Bloomberg Philanthropies Commits $50 Million to Address Opioid Crisis

Bloomberg Philanthropies Commits $50 Million to Address Opioid Crisis

Bloomberg Philanthropies has announced a three-year, $50 million commitment in support of efforts to address the opioid epidemic in the United States. 

Announced at the inaugural Bloomberg American Health Summit in Washington, D.C., the funding will support a partnership between Vital Strategies, the Pew Charitable TrustsJohns Hopkins University, and the CDC Foundation aimed at helping up to ten states with high rates of opioid use implement solutions designed to address the root causes of opioid addiction and save lives. With a focus on identifying novel approaches as well as gaps in current treatment and prevention programs, the initiative will draw on initial learnings to create replicable products and guidelines that can be used in other states, creating a model for the rest of the nation. To that end, the partner organizations will work closely with states and experts from the Centers for Disease Control and Prevention, academia, and elsewhere to evaluate and track the impact of new interventions and embed staff in government agencies, where they will support state- and local-led interventions.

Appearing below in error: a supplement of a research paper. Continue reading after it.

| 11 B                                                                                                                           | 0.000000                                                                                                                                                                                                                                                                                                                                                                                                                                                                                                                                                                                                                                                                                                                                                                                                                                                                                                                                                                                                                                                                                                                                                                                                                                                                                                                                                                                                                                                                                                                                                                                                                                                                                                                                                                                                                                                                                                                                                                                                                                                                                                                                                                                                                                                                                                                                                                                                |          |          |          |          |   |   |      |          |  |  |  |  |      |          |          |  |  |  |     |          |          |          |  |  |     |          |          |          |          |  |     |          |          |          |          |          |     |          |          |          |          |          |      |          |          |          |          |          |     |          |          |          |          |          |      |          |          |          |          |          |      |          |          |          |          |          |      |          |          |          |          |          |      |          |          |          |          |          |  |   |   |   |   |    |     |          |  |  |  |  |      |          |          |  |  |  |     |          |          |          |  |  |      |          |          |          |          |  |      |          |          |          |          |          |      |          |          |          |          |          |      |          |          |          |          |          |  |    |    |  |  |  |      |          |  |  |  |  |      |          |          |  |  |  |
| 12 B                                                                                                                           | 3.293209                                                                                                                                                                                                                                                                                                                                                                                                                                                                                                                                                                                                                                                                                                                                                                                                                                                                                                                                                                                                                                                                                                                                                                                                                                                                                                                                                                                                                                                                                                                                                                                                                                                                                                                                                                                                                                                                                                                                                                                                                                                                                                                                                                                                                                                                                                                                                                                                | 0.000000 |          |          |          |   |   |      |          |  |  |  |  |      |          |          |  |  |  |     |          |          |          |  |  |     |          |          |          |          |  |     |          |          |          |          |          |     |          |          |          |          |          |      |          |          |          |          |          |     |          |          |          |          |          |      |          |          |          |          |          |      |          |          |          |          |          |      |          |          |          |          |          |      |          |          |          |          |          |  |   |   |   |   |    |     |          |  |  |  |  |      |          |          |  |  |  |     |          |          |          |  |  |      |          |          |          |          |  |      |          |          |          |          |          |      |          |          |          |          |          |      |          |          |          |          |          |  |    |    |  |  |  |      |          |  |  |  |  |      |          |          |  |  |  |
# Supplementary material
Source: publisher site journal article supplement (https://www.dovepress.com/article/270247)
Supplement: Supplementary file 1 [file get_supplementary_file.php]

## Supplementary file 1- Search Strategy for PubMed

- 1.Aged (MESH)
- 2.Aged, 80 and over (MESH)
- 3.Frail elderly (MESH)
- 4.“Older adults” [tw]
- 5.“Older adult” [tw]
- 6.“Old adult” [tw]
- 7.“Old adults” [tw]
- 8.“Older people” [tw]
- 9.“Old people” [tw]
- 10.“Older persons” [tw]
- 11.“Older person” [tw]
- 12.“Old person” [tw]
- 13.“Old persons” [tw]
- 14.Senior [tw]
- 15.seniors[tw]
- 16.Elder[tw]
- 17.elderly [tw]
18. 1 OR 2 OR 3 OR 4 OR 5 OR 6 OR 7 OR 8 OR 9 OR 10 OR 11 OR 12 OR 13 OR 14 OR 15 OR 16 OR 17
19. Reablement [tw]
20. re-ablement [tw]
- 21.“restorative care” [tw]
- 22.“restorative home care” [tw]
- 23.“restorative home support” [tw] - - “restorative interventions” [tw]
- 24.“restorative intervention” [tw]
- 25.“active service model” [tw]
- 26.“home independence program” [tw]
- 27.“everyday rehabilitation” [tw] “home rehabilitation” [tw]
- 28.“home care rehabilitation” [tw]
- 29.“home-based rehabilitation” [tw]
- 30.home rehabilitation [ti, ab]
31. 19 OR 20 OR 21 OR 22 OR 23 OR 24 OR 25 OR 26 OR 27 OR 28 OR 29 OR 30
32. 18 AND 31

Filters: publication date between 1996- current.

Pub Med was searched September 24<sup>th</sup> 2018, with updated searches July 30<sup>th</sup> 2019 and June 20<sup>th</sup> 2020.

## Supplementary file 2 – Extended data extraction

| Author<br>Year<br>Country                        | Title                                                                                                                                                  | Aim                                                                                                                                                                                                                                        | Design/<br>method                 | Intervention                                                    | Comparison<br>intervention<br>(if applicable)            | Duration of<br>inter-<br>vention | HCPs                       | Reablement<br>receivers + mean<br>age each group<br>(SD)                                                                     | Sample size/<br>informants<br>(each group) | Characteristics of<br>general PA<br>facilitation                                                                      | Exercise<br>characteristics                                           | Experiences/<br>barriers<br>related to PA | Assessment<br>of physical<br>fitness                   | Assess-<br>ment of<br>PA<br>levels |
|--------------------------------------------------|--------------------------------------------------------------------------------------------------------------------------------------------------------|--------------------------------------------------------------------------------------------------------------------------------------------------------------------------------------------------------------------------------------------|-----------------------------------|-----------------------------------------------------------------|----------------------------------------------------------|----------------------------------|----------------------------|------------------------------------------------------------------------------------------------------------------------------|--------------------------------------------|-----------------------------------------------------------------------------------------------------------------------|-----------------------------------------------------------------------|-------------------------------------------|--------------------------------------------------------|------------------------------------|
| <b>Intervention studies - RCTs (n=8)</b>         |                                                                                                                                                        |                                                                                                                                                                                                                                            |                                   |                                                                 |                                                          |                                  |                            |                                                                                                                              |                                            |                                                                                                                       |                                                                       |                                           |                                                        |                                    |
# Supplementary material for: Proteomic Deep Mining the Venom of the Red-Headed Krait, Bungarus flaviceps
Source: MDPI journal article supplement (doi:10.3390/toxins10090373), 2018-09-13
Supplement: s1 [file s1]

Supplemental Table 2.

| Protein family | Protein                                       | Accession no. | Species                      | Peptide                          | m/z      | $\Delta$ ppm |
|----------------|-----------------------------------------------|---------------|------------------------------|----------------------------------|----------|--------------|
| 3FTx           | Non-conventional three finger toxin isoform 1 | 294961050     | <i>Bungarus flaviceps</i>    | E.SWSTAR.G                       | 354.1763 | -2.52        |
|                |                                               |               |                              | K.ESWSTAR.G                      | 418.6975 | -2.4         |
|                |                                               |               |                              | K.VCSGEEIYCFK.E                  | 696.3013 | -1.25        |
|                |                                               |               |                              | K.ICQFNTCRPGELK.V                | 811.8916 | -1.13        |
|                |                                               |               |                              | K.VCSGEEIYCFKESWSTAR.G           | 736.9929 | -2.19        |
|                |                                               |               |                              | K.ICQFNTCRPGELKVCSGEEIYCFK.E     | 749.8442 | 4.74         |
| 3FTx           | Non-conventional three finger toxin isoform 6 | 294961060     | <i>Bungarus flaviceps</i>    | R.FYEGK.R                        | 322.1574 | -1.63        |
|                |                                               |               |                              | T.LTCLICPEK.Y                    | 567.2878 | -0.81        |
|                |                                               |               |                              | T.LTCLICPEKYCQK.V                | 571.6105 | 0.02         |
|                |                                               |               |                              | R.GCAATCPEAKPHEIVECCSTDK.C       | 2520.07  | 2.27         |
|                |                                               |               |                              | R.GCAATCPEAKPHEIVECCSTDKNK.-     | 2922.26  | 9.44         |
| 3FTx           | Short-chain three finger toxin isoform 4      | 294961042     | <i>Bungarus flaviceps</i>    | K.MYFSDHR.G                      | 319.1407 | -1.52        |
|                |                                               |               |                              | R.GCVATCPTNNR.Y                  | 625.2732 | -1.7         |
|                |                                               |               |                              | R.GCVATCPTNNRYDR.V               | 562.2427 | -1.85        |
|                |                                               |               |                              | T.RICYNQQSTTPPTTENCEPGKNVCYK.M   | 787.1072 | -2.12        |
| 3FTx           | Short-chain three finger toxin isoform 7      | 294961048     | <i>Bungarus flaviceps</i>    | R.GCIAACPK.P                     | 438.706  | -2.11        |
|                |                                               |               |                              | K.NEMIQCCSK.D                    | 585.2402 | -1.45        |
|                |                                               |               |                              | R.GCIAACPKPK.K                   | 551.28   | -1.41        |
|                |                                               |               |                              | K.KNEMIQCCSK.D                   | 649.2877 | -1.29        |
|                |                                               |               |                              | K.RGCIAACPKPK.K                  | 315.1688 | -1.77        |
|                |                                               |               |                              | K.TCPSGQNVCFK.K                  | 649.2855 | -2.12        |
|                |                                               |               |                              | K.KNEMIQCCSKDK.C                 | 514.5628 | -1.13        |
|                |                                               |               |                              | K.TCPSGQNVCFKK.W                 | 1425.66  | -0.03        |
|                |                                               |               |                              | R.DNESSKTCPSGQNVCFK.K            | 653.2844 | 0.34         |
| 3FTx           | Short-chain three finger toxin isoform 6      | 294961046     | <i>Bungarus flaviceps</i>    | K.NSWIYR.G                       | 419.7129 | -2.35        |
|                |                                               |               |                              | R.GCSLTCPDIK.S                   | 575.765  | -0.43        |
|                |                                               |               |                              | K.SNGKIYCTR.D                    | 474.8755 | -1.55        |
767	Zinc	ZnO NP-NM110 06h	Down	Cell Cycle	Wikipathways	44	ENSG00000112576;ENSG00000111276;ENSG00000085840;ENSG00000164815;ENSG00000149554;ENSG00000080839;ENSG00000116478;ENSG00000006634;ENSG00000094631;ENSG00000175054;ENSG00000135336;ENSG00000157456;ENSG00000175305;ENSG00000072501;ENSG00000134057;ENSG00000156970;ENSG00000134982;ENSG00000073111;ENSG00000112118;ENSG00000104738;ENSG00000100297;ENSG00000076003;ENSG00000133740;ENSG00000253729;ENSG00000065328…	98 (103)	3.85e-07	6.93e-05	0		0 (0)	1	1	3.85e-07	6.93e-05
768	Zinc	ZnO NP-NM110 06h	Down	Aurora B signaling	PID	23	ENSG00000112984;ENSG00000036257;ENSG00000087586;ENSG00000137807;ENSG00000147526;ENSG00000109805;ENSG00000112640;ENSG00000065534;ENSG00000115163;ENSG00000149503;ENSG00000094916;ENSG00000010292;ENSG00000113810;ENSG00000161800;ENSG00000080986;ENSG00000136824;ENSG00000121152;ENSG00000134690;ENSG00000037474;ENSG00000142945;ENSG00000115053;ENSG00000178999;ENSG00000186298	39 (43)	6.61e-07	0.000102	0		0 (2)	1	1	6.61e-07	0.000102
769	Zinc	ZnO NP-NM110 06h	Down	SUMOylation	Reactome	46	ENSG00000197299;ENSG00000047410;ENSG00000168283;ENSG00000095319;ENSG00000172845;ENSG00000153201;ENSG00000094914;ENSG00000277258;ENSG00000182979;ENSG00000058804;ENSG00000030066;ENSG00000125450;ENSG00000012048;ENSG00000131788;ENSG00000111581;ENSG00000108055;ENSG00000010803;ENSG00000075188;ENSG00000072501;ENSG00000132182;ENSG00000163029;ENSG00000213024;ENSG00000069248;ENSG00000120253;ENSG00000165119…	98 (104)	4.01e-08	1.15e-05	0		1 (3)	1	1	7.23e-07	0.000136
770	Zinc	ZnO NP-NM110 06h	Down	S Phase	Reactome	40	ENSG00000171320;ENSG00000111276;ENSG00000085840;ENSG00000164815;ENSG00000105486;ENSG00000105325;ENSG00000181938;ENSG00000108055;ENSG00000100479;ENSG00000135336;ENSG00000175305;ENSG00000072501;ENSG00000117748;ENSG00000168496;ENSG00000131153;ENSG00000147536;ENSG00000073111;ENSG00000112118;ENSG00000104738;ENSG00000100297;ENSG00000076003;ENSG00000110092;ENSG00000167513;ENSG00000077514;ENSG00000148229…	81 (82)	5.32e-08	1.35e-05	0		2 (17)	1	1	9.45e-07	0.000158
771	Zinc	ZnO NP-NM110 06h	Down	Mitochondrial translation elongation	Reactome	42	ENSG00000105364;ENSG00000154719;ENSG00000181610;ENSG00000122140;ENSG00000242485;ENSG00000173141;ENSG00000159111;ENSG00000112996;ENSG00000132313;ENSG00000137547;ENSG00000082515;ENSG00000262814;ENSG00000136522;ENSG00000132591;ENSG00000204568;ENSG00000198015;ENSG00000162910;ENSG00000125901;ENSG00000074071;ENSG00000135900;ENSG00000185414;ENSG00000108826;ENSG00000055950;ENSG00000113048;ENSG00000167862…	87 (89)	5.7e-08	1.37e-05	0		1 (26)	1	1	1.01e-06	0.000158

According to new CDC data, there were 70,000 drug overdose deaths in the United States in 2017 — more than 47,000 from opioid overdoses, or nearly a hundred and thirty per day — while more than two million people are currently addicted to opiods. Pennsylvania — which had the highest number of drug overdose deaths in 2017, some 5,400 — will be the first state to participate in the initiative and will receive at least $10 million in funding. 

"We are experiencing a national crisis," said Michael R. Bloomberg, founder of Bloomberg Philanthropies and the World Health Organization’s global ambassador for noncommunicable diseases. "For the first time since World War I, life expectancy in the U.S. has declined over the past three years — and opioids are a big reason why. We cannot sit by and allow this alarming trend to continue — not when so many Americans are being killed in what should be the prime of their lives."

(Photo credit: Getty Images)